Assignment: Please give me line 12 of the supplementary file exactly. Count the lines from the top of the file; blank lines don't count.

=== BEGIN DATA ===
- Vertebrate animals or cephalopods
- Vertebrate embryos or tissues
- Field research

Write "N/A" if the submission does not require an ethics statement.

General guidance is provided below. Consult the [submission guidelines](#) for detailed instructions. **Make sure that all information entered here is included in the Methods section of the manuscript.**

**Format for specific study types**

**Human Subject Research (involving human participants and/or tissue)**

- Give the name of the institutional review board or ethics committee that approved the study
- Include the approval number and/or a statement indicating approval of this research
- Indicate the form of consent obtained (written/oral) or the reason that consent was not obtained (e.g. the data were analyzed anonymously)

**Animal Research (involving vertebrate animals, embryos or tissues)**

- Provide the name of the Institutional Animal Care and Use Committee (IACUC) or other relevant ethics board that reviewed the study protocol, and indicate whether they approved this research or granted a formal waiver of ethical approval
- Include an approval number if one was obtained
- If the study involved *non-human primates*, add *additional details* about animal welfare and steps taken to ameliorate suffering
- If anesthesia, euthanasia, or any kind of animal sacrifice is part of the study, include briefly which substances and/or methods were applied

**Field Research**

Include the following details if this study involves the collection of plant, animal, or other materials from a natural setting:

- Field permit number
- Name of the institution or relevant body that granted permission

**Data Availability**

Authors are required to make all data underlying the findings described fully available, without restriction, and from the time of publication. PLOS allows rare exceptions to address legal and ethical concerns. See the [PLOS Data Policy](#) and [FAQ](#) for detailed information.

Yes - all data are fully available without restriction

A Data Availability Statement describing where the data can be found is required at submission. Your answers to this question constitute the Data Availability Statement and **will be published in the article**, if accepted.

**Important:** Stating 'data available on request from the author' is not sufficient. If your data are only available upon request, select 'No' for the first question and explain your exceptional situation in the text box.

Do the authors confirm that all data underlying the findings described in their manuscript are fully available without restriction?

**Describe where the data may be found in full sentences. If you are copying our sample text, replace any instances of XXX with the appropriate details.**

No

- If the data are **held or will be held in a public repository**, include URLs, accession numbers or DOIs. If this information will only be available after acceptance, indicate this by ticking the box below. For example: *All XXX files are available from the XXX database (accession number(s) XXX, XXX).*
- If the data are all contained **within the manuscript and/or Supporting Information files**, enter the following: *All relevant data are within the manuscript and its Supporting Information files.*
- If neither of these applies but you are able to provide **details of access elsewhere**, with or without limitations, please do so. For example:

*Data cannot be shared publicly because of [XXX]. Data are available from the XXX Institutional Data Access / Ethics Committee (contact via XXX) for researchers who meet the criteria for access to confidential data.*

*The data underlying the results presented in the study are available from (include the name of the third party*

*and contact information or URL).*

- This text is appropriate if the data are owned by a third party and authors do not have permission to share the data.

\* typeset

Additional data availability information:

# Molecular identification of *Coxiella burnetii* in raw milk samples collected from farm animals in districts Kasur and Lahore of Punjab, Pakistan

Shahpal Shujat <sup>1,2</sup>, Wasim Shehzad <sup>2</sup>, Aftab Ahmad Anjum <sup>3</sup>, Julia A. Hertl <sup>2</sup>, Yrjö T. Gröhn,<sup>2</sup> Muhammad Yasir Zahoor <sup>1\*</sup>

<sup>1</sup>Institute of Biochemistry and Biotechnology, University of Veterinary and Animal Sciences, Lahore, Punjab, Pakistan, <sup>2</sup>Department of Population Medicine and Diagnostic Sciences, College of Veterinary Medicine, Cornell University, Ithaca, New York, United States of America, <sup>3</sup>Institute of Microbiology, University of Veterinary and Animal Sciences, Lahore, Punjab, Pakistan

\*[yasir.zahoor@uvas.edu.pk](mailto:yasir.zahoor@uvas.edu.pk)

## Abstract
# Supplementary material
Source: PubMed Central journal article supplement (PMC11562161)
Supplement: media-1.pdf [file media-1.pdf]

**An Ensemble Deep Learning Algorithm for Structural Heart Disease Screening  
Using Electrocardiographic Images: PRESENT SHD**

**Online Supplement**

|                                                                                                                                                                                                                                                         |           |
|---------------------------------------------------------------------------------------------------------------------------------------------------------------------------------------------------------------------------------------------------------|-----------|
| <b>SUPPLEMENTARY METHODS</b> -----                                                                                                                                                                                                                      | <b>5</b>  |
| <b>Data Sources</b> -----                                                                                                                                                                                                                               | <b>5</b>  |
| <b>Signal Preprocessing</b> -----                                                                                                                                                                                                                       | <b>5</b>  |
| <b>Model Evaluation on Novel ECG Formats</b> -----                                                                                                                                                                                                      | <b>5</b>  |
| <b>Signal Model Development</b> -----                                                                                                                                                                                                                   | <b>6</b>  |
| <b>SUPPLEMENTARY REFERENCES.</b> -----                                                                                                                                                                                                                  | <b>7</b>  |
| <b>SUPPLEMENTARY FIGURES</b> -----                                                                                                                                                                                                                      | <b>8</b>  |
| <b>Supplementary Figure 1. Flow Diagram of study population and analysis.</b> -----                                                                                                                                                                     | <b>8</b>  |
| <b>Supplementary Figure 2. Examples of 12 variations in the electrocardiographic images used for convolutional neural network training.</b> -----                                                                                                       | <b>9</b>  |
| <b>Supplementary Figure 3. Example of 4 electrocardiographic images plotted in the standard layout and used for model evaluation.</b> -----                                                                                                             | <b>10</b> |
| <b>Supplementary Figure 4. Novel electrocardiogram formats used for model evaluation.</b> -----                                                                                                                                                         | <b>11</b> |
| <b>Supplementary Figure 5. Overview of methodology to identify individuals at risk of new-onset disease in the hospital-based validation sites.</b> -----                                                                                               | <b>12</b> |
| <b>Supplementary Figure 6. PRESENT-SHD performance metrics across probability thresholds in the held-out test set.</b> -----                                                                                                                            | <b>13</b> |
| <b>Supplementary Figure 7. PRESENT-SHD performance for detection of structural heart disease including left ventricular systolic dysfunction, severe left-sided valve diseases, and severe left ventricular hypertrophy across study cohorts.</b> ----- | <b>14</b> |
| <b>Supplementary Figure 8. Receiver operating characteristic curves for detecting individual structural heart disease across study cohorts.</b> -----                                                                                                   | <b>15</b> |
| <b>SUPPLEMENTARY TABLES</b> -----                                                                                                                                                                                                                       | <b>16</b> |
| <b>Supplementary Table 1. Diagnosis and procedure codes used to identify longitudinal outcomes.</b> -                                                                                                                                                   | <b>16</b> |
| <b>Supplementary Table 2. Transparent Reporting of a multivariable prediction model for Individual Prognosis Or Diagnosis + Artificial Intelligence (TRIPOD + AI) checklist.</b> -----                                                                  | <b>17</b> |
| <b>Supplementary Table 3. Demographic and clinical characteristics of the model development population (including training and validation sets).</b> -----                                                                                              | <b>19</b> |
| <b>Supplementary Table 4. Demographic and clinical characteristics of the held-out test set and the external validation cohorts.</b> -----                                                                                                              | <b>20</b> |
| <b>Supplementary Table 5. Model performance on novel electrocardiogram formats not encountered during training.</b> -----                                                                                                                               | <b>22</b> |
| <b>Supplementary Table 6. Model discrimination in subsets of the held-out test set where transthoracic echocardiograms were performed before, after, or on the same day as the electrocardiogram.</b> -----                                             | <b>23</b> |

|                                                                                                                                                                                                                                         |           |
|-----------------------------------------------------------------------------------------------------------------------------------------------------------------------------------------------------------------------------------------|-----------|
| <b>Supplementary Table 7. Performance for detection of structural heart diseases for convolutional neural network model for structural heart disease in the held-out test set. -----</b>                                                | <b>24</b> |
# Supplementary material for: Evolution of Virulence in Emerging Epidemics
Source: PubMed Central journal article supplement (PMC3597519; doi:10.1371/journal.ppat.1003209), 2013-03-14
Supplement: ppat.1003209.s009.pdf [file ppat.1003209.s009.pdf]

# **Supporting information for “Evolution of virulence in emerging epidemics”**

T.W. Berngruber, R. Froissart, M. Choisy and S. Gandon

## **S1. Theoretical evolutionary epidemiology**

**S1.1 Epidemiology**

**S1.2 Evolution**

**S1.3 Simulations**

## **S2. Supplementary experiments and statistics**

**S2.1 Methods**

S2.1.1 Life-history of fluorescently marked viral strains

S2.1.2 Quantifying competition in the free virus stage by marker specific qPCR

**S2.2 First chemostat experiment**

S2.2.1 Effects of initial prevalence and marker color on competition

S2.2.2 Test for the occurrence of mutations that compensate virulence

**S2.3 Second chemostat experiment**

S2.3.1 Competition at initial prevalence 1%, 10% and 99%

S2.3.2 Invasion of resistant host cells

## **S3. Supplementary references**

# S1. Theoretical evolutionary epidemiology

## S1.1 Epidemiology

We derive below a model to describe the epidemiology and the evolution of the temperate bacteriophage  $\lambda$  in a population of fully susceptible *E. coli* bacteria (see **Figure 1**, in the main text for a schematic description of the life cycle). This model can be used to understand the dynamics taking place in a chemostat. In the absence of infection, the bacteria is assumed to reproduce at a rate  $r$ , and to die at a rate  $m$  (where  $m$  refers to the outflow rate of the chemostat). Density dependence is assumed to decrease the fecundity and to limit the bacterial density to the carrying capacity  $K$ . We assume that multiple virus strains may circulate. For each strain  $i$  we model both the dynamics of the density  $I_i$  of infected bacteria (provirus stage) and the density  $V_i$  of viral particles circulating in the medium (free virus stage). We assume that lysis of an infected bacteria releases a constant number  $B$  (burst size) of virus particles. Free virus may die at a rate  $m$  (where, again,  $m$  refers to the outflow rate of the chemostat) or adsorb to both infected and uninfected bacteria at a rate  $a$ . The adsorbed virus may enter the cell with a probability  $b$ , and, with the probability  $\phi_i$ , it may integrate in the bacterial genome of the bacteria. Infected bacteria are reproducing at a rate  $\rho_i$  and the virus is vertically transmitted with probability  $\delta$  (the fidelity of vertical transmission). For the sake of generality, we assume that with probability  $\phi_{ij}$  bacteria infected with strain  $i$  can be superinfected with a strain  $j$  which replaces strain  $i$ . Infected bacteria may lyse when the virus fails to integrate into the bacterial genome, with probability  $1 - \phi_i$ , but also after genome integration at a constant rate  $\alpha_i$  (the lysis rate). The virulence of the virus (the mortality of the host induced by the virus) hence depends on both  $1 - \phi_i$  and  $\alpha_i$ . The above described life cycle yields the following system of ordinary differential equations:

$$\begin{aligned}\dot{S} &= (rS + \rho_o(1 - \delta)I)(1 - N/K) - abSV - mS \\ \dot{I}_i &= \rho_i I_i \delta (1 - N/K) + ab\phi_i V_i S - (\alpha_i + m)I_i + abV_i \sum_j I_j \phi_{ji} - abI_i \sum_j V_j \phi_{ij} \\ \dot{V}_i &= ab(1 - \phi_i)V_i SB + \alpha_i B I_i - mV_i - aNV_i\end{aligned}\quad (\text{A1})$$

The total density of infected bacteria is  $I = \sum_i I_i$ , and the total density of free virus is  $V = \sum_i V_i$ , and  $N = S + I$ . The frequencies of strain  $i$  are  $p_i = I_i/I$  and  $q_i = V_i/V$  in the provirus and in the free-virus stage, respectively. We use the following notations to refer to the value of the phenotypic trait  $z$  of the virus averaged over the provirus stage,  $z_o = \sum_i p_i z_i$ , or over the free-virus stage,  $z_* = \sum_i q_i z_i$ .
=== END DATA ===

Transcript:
- Provide the name of the Institutional Animal Care and Use Committee (IACUC) or other relevant ethics board that reviewed the study protocol, and indicate whether they approved this research or granted a formal waiver of ethical approval